Sustainable Prosperity study says they’re using self-imposed, internal pricing.
March 4, 2013
by CANADIAN PRESS
A shadow carbon price can help companies decide whether or not to go ahead with a given project. Photo: Suncor Energy
MONTREAL — A new study found that Canadian energy companies are factoring higher carbon-related costs in their investment, planning, and technology decisions.
The study, prepared by the Ottawa-based think-tank Sustainable Prosperity, found the companies are using a self-imposed, internal carbon price as they plan for the future, suggesting they’re anticipating a day when carbon tax or cap-and-trade systems are more widespread.
Without a clear sense of the country’s energy strategy, companies are creating their own carbon price to make long-term strategic planning and investment decisions, said Alex Wood, a senior director at Sustainable Prosperity.
“At some future point, there will be a price on carbon,” he said.
“What they are doing is essentially anticipating that and they’re factoring that into their decisions and so are addressing that risk.”
Carbon pricing, the generic term for putting a price on carbon through a carbon tax or a cap-and-trade system, aims to encourage reductions in carbon emissions and spur innovation in low-emissions technology.
The use of a so-called shadow carbon price can help companies decide whether or not to go ahead with a given project, decide which technologies to choose and practices to implement, according to the study.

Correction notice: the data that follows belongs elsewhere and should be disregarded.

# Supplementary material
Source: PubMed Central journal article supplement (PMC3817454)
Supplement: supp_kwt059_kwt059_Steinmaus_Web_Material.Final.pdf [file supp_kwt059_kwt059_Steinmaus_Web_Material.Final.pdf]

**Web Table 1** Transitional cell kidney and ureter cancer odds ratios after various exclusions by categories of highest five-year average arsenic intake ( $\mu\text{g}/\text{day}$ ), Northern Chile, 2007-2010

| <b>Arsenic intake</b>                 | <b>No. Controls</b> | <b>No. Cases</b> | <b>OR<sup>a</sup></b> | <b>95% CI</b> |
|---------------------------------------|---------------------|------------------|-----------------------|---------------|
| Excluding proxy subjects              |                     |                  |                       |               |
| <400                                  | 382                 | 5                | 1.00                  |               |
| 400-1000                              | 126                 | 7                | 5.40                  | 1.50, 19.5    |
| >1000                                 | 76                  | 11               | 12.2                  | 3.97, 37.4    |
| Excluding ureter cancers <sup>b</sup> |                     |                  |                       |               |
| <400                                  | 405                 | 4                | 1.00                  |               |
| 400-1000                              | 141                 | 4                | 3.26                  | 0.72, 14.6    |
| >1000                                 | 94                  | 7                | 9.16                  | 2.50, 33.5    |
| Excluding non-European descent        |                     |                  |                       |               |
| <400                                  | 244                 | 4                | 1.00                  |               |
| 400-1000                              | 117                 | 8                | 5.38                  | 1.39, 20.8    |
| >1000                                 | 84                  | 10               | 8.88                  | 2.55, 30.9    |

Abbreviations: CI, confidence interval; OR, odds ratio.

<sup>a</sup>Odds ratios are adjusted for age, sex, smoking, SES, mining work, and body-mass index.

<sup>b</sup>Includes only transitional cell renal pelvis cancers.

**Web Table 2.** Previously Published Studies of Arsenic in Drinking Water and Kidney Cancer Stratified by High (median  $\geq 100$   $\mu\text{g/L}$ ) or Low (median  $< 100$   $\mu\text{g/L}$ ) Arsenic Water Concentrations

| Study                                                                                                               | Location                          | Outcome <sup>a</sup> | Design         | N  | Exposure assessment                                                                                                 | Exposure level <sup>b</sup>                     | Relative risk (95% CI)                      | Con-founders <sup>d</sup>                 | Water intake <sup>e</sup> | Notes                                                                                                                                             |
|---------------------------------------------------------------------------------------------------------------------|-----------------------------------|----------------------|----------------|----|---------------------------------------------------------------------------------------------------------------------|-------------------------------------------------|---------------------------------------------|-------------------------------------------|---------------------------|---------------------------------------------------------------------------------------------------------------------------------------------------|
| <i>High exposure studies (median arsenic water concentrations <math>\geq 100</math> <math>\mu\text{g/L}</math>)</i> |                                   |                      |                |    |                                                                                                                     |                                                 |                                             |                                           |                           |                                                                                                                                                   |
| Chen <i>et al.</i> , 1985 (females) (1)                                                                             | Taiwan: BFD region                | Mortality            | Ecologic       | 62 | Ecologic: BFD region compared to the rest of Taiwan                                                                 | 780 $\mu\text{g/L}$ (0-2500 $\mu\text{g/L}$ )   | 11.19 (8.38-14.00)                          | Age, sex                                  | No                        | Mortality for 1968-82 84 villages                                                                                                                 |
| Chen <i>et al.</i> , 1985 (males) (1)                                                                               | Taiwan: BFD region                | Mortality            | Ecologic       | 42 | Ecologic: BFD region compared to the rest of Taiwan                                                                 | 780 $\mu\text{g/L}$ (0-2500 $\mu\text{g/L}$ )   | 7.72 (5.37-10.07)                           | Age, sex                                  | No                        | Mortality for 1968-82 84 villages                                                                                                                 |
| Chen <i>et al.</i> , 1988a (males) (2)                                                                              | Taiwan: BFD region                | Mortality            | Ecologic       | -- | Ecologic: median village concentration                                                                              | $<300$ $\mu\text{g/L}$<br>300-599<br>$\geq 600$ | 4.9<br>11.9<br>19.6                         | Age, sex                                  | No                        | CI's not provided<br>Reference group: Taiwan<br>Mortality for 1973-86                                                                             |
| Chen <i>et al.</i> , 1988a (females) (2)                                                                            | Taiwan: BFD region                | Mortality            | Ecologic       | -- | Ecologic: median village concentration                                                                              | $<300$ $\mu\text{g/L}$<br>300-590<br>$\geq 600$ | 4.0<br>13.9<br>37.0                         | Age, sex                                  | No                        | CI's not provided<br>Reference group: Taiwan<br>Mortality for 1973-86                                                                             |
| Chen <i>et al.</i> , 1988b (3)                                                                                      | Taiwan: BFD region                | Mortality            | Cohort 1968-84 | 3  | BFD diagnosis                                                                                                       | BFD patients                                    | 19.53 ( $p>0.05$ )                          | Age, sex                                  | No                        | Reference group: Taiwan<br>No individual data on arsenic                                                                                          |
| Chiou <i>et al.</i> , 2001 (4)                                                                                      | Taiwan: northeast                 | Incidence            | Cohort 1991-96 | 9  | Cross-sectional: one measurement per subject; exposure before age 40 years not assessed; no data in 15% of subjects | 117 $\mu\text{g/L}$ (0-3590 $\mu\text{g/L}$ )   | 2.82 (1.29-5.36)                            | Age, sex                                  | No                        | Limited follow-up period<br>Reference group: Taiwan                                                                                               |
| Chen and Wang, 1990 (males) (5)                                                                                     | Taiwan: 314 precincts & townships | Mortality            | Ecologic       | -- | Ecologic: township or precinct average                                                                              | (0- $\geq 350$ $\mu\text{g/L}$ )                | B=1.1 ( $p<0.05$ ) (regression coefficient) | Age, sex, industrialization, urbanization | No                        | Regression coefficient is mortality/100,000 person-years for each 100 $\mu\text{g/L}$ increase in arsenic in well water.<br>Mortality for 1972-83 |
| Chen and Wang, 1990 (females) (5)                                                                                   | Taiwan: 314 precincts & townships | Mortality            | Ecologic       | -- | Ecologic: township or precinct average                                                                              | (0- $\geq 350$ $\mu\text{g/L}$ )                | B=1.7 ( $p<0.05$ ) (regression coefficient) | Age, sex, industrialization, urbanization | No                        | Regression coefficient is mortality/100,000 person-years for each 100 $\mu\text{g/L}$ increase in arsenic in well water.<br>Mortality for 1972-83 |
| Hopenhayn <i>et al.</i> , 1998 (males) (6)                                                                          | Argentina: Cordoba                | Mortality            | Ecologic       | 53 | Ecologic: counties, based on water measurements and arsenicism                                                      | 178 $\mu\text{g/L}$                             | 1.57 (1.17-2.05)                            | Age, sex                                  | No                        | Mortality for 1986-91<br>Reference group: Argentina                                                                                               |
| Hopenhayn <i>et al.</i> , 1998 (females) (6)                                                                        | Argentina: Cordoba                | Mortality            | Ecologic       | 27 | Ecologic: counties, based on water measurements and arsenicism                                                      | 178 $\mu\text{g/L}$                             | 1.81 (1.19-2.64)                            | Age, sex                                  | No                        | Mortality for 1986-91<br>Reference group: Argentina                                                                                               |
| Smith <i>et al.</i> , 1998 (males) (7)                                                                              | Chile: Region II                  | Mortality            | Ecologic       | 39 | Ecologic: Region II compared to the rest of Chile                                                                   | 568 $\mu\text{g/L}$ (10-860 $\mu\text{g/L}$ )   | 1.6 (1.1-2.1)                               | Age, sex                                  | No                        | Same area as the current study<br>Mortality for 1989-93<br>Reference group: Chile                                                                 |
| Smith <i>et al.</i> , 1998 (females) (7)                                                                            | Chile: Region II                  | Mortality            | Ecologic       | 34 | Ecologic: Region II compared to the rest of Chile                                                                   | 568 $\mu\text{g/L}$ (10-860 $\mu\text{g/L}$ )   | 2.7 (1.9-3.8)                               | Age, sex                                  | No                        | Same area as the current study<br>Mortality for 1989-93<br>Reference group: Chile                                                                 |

It also helps companies remain competitive internationally where carbon pricing schemes are already in place.
Sustainable Prosperity, based at the University of Ottawa, surveyed 10 companies for the study, including energy giants such as BP, Shell, Suncor, and Enbridge. All the companies surveyed used some form of shadow carbon pricing.
“They are essentially making decisions about their capital investments, the big plants and big investments they are making as companies, and essentially carbon proofing them,” Wood said.
“Those are investments that in some cases will last 40 to 50 years, and what those companies are doing is essentially inoculating themselves against some of those prices that will come in the future.”
The study concludes that Canada’s current carbon pricing systems – which vary across provincial lines and by sector – can make it difficult to plan, and reinforces the call for a national energy strategy.
It calls for a “clear public policy regime around carbon pricing” that establishes pricing levels that would help Canada reach its national emissions reduction obligations.
© 2013 The Canadian Press